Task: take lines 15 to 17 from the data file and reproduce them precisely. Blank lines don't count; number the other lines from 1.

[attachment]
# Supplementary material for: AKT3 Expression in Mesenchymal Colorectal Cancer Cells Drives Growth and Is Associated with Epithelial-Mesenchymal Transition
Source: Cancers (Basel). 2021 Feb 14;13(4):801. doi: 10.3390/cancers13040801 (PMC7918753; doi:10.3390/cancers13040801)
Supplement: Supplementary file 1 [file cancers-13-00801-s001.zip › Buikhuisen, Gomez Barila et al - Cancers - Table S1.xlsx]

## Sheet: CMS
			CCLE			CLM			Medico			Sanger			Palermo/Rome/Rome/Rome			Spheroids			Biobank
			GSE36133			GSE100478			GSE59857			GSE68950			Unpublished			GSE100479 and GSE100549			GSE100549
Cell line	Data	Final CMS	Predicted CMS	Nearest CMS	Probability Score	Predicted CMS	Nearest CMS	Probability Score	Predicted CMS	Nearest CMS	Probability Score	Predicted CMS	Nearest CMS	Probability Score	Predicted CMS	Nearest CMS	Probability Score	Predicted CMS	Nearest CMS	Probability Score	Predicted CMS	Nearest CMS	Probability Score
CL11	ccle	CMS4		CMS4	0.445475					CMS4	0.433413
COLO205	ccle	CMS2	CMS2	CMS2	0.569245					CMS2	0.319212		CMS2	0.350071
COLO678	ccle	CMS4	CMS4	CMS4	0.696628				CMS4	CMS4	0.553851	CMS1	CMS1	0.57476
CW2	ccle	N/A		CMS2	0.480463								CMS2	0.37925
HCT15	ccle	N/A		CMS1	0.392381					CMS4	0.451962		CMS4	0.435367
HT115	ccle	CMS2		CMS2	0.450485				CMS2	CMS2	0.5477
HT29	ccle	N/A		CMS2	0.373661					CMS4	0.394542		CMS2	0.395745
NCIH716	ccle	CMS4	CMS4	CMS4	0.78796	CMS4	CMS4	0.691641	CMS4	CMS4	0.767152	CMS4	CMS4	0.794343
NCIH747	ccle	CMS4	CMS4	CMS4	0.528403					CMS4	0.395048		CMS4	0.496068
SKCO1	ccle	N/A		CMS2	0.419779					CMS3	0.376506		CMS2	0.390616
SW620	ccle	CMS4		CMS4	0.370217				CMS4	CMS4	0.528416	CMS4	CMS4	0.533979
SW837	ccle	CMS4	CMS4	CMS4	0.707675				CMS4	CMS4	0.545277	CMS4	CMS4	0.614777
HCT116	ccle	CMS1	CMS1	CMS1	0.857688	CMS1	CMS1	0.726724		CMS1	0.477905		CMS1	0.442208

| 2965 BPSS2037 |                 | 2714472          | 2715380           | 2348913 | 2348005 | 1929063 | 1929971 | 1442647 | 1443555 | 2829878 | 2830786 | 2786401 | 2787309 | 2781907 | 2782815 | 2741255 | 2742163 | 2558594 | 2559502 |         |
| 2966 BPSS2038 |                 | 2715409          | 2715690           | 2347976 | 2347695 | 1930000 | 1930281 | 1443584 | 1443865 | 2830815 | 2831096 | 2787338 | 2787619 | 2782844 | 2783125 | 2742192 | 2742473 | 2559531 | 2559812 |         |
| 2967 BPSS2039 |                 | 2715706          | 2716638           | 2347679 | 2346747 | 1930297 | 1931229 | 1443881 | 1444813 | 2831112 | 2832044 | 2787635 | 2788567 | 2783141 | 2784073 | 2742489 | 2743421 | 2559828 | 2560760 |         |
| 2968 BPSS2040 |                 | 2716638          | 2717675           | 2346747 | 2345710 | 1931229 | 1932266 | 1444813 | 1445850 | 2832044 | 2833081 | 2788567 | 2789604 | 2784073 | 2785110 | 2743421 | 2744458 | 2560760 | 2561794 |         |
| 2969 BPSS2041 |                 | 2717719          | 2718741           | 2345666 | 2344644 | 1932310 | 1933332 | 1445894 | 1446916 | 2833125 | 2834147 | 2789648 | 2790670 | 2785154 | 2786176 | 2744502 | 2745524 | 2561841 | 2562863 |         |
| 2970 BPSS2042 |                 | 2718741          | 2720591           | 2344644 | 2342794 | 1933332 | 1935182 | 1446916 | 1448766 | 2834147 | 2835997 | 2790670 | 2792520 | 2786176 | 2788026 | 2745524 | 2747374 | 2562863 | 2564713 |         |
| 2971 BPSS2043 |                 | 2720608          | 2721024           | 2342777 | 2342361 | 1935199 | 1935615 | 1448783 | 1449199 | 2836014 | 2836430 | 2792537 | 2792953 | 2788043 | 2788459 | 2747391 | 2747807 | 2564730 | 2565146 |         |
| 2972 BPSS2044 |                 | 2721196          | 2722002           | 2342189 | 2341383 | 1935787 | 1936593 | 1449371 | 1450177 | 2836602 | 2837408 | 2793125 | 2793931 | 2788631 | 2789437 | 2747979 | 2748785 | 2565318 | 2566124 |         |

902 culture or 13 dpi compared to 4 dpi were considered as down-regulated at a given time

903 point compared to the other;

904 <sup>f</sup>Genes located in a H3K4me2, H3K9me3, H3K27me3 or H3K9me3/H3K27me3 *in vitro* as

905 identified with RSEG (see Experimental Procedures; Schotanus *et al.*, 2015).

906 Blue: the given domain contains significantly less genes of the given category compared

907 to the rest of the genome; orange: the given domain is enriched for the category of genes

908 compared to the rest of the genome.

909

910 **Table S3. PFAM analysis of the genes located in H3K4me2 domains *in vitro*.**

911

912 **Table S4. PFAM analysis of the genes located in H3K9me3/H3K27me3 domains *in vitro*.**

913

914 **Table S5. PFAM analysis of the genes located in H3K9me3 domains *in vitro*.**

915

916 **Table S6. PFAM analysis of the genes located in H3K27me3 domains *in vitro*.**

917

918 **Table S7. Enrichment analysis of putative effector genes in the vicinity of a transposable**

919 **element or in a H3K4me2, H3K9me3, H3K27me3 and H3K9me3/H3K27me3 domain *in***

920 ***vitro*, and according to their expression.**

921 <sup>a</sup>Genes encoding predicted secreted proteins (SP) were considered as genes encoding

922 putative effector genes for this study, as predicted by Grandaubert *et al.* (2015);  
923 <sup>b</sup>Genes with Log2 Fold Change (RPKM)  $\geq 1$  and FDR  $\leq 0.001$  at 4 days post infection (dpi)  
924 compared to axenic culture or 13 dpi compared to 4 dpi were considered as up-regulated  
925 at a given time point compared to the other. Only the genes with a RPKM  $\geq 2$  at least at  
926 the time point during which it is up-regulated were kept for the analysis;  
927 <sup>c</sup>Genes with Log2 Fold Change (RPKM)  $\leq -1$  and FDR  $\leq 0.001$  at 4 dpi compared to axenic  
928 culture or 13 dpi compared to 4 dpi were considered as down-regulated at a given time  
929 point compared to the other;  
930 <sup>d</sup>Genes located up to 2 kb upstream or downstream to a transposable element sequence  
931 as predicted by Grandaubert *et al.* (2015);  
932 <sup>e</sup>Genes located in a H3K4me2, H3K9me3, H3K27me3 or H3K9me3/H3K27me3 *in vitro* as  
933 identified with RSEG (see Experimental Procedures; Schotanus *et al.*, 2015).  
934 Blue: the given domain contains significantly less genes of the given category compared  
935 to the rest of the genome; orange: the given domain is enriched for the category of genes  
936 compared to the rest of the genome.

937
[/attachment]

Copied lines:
NCIH716	ccle	CMS4	CMS4	CMS4	0.78796	CMS4	CMS4	0.691641	CMS4	CMS4	0.767152	CMS4	CMS4	0.794343
NCIH747	ccle	CMS4	CMS4	CMS4	0.528403					CMS4	0.395048		CMS4	0.496068
SKCO1	ccle	N/A		CMS2	0.419779					CMS3	0.376506		CMS2	0.390616